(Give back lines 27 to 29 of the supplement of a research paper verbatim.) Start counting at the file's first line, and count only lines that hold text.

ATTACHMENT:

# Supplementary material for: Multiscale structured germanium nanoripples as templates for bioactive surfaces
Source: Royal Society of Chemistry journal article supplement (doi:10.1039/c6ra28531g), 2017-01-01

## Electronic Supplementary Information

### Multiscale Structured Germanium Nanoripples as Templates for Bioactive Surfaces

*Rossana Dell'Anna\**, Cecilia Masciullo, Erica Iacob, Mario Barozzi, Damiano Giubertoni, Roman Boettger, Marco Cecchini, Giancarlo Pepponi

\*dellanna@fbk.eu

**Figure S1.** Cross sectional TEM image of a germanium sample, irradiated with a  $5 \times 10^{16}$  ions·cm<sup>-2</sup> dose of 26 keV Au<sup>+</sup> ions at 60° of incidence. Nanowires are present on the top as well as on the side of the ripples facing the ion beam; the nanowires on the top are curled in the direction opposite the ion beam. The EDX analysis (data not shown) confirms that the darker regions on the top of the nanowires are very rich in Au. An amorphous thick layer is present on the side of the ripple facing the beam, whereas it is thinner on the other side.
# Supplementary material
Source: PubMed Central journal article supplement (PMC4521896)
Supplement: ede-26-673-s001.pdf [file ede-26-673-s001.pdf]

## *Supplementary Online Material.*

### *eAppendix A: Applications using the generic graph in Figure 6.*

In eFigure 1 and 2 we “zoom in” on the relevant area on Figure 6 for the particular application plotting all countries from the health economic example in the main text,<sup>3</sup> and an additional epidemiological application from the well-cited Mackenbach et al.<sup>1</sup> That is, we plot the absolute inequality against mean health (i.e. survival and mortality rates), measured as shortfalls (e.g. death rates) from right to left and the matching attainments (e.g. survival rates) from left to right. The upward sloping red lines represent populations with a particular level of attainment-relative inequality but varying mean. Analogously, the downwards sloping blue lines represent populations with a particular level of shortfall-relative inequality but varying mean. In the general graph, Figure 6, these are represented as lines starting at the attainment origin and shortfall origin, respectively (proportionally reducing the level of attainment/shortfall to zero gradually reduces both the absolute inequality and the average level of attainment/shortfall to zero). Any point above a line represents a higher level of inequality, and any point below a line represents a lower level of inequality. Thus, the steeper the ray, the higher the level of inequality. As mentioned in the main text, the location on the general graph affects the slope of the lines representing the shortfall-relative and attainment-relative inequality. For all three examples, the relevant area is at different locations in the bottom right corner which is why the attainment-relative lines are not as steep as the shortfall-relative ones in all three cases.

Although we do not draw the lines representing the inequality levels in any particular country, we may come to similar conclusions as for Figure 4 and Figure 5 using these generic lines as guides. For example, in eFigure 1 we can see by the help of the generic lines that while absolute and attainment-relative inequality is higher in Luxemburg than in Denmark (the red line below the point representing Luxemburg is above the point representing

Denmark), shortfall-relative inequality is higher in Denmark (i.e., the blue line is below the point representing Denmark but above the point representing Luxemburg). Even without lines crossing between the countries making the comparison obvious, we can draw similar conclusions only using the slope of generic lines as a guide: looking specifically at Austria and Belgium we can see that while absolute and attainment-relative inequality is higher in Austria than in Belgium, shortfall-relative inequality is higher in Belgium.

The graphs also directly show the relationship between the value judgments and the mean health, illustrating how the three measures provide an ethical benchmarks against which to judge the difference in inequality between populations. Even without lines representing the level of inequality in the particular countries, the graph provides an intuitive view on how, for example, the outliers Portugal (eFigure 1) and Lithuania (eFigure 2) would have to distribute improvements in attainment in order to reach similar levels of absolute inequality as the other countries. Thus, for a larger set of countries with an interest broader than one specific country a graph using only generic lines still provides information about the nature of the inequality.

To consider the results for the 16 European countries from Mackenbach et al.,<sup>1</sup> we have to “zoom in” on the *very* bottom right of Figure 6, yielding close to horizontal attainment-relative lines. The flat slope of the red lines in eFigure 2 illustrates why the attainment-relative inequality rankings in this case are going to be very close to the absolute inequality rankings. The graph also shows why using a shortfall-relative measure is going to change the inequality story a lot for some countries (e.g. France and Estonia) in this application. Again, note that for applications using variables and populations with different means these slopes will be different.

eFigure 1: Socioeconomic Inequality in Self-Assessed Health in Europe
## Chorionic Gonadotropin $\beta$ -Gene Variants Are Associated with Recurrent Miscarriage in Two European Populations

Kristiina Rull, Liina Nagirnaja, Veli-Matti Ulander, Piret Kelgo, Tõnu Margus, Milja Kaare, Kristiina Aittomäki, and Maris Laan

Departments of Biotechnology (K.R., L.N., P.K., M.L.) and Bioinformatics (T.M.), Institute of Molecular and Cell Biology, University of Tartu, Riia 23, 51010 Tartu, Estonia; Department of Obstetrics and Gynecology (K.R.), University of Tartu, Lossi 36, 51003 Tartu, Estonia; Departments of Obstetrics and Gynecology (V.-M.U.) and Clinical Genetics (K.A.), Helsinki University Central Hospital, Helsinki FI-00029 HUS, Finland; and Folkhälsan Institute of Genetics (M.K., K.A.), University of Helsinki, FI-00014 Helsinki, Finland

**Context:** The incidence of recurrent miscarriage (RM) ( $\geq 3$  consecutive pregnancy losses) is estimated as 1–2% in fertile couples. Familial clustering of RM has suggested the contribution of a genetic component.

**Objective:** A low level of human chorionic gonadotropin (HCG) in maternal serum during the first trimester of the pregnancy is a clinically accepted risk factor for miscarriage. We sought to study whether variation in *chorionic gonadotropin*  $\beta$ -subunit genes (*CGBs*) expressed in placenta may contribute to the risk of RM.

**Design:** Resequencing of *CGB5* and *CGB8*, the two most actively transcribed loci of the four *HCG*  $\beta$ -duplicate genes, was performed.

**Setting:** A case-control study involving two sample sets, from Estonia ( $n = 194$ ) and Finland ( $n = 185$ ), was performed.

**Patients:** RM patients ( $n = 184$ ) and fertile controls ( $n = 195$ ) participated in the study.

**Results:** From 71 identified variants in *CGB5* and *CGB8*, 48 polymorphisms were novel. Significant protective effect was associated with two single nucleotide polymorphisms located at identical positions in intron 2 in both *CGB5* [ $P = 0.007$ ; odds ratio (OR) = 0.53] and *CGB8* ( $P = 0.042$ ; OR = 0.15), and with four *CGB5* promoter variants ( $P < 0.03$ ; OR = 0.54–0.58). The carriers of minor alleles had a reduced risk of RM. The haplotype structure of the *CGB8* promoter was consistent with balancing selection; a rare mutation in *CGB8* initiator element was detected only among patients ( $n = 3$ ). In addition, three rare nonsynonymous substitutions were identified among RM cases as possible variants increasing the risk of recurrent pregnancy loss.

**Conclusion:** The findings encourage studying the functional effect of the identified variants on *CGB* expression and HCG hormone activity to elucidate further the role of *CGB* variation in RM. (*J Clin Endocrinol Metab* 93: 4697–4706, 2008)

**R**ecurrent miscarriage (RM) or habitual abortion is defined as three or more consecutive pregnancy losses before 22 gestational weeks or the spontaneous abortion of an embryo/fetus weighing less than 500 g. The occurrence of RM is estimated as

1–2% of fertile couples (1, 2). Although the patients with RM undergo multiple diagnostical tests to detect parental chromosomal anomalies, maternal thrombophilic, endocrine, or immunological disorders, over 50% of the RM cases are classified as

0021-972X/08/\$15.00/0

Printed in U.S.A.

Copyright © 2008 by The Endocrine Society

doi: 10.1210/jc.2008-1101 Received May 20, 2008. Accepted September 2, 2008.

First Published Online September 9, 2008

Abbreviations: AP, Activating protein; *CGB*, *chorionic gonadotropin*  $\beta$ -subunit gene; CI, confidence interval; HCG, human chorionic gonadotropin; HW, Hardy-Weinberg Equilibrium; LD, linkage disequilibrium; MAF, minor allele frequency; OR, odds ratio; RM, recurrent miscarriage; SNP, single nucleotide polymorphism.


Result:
**Results:** From 71 identified variants in *CGB5* and *CGB8*, 48 polymorphisms were novel. Significant protective effect was associated with two single nucleotide polymorphisms located at identical positions in intron 2 in both *CGB5* [ $P = 0.007$ ; odds ratio (OR) = 0.53] and *CGB8* ( $P = 0.042$ ; OR = 0.15), and with four *CGB5* promoter variants ( $P < 0.03$ ; OR = 0.54–0.58). The carriers of minor alleles had a reduced risk of RM. The haplotype structure of the *CGB8* promoter was consistent with balancing selection; a rare mutation in *CGB8* initiator element was detected only among patients ( $n = 3$ ). In addition, three rare nonsynonymous substitutions were identified among RM cases as possible variants increasing the risk of recurrent pregnancy loss.

**Conclusion:** The findings encourage studying the functional effect of the identified variants on *CGB* expression and HCG hormone activity to elucidate further the role of *CGB* variation in RM. (*J Clin Endocrinol Metab* 93: 4697–4706, 2008)

**R**ecurrent miscarriage (RM) or habitual abortion is defined as three or more consecutive pregnancy losses before 22 gestational weeks or the spontaneous abortion of an embryo/fetus weighing less than 500 g. The occurrence of RM is estimated as